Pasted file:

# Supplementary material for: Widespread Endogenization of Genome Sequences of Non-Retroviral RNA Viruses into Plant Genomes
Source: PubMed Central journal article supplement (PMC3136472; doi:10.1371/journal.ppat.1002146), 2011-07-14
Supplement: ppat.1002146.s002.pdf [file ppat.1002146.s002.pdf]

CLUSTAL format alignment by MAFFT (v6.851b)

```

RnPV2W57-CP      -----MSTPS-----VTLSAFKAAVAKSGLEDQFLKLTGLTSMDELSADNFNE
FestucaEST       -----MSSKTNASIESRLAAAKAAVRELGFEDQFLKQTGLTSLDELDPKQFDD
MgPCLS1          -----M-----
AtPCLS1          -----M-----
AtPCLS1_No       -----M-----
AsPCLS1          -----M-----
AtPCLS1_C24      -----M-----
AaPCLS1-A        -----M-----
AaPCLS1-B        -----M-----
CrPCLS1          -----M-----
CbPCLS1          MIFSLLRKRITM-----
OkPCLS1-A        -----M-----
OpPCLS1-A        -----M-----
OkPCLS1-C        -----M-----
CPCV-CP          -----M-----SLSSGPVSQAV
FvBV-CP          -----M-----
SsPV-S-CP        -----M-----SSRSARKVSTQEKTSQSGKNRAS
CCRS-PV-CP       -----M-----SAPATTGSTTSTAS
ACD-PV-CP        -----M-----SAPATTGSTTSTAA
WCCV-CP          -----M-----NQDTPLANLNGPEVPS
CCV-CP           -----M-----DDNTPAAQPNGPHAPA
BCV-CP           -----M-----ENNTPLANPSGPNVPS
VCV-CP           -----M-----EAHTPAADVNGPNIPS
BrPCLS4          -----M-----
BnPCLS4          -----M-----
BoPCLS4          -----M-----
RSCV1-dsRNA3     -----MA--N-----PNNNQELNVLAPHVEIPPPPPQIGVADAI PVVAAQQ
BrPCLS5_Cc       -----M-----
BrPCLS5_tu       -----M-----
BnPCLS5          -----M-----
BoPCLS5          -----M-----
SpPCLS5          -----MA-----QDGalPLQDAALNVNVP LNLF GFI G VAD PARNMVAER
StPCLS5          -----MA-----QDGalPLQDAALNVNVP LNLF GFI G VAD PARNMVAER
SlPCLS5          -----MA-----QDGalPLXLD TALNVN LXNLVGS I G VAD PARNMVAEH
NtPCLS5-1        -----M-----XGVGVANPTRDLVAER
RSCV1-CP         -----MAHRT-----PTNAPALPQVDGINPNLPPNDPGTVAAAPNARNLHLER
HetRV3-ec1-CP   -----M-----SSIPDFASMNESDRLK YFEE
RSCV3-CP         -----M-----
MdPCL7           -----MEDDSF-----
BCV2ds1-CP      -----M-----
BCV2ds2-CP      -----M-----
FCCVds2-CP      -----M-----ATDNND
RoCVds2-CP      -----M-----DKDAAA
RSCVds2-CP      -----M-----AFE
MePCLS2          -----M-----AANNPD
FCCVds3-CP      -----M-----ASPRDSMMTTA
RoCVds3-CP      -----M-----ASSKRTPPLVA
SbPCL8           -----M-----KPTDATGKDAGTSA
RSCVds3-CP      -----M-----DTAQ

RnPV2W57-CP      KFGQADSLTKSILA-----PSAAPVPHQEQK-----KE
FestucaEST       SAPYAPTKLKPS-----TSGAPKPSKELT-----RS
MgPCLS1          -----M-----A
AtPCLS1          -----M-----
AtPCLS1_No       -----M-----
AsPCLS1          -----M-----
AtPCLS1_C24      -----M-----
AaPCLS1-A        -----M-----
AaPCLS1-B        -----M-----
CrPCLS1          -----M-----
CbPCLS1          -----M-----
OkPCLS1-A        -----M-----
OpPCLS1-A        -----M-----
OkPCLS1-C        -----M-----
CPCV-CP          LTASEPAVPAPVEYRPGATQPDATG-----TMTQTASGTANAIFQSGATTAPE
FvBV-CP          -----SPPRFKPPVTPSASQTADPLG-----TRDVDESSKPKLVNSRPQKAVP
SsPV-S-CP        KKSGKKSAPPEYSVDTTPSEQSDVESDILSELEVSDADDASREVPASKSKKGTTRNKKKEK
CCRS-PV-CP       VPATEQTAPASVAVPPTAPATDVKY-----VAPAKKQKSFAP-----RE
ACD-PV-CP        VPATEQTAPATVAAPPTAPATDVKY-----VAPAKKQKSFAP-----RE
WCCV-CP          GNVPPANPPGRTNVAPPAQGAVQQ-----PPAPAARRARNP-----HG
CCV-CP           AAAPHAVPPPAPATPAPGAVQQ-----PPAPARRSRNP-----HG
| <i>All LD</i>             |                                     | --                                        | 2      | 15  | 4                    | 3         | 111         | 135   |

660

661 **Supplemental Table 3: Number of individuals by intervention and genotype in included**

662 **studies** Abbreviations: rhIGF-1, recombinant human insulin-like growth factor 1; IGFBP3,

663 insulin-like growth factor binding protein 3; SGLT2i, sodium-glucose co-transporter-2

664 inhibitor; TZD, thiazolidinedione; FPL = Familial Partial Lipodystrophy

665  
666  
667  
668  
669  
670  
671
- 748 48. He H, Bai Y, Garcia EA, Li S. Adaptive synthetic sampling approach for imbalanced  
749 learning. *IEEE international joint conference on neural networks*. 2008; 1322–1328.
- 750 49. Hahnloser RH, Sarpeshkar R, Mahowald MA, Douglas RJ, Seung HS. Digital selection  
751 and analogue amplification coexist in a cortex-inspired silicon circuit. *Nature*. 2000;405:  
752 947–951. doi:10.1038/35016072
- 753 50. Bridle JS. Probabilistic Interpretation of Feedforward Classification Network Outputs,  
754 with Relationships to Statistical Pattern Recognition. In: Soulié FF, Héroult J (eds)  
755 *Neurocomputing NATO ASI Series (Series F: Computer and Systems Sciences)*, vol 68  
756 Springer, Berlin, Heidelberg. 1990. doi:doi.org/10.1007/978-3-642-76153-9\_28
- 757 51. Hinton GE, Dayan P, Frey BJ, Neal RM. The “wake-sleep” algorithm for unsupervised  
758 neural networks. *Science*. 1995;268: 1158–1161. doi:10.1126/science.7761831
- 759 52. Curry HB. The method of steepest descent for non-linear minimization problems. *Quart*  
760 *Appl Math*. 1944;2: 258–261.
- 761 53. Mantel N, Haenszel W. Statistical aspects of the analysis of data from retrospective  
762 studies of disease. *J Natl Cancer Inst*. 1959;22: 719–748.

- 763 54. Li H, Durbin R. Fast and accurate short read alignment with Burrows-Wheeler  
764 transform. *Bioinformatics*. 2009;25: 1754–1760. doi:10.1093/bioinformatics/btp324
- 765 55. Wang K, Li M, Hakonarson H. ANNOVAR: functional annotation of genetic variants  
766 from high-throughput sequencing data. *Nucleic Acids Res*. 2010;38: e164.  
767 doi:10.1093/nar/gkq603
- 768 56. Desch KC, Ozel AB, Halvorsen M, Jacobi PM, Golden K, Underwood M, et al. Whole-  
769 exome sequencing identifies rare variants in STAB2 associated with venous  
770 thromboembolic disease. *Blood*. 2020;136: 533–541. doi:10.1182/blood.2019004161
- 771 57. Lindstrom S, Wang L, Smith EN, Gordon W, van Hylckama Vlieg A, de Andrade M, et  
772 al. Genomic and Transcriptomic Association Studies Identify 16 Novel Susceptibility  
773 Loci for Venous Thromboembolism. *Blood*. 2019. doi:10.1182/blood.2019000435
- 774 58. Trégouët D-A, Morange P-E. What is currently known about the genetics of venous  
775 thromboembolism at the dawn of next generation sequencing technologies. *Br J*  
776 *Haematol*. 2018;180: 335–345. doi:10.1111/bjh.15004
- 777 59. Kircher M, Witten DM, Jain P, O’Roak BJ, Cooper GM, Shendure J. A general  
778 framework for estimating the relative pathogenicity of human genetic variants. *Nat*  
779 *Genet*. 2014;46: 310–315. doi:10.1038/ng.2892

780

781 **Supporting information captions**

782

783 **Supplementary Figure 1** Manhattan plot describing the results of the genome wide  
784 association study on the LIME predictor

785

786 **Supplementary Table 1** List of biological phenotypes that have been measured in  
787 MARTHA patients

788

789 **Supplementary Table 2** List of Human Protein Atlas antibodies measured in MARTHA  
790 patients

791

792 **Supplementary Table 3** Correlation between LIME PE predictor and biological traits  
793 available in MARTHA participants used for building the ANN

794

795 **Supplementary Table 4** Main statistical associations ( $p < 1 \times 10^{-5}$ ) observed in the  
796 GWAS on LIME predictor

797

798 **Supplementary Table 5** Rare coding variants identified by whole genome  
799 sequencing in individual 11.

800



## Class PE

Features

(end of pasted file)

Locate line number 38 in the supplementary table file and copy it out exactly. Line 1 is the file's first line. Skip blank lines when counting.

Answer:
StPCLS5          -----MA-----QDGalPLQDAALNVNVP LNLF GFI G VAD PARNMVAER